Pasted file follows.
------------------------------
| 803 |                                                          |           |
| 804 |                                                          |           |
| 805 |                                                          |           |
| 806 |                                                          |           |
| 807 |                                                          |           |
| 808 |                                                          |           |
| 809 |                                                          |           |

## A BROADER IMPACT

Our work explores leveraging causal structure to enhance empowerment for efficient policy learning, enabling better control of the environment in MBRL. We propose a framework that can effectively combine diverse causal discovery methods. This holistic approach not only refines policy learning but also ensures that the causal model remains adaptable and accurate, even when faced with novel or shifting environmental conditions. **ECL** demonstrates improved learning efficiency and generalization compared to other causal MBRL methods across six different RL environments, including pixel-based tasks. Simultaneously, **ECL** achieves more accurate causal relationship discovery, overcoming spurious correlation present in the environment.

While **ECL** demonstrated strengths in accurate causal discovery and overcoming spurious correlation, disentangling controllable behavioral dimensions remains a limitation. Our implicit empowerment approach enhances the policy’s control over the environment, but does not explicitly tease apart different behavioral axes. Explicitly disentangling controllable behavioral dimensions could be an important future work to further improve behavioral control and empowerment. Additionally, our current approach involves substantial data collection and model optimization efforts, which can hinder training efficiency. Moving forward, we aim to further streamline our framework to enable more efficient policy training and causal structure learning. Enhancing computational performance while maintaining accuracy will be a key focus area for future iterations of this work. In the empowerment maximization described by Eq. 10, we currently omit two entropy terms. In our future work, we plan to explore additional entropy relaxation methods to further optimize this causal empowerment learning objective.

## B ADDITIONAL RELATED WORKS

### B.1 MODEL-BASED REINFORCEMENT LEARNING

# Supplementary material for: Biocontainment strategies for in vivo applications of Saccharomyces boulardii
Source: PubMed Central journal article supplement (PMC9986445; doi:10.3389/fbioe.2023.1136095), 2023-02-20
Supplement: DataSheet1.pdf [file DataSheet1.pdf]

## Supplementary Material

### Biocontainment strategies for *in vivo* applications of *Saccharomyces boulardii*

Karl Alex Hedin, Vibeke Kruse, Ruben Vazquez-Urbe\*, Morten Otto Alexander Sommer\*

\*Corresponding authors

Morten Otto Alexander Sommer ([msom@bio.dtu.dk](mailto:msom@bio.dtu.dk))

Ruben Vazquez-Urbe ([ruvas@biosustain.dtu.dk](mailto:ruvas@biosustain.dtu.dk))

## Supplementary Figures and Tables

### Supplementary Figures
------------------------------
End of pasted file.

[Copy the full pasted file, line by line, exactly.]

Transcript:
| 803 |                                                          |           |
| 804 |                                                          |           |
| 805 |                                                          |           |
| 806 |                                                          |           |
| 807 |                                                          |           |
| 808 |                                                          |           |
| 809 |                                                          |           |

## A BROADER IMPACT

Our work explores leveraging causal structure to enhance empowerment for efficient policy learning, enabling better control of the environment in MBRL. We propose a framework that can effectively combine diverse causal discovery methods. This holistic approach not only refines policy learning but also ensures that the causal model remains adaptable and accurate, even when faced with novel or shifting environmental conditions. **ECL** demonstrates improved learning efficiency and generalization compared to other causal MBRL methods across six different RL environments, including pixel-based tasks. Simultaneously, **ECL** achieves more accurate causal relationship discovery, overcoming spurious correlation present in the environment.

While **ECL** demonstrated strengths in accurate causal discovery and overcoming spurious correlation, disentangling controllable behavioral dimensions remains a limitation. Our implicit empowerment approach enhances the policy’s control over the environment, but does not explicitly tease apart different behavioral axes. Explicitly disentangling controllable behavioral dimensions could be an important future work to further improve behavioral control and empowerment. Additionally, our current approach involves substantial data collection and model optimization efforts, which can hinder training efficiency. Moving forward, we aim to further streamline our framework to enable more efficient policy training and causal structure learning. Enhancing computational performance while maintaining accuracy will be a key focus area for future iterations of this work. In the empowerment maximization described by Eq. 10, we currently omit two entropy terms. In our future work, we plan to explore additional entropy relaxation methods to further optimize this causal empowerment learning objective.

## B ADDITIONAL RELATED WORKS

### B.1 MODEL-BASED REINFORCEMENT LEARNING

# Supplementary material for: Biocontainment strategies for in vivo applications of Saccharomyces boulardii
Source: PubMed Central journal article supplement (PMC9986445; doi:10.3389/fbioe.2023.1136095), 2023-02-20
Supplement: DataSheet1.pdf [file DataSheet1.pdf]

## Supplementary Material

### Biocontainment strategies for *in vivo* applications of *Saccharomyces boulardii*

Karl Alex Hedin, Vibeke Kruse, Ruben Vazquez-Urbe\*, Morten Otto Alexander Sommer\*

\*Corresponding authors

Morten Otto Alexander Sommer ([msom@bio.dtu.dk](mailto:msom@bio.dtu.dk))

Ruben Vazquez-Urbe ([ruvas@biosustain.dtu.dk](mailto:ruvas@biosustain.dtu.dk))

## Supplementary Figures and Tables

### Supplementary Figures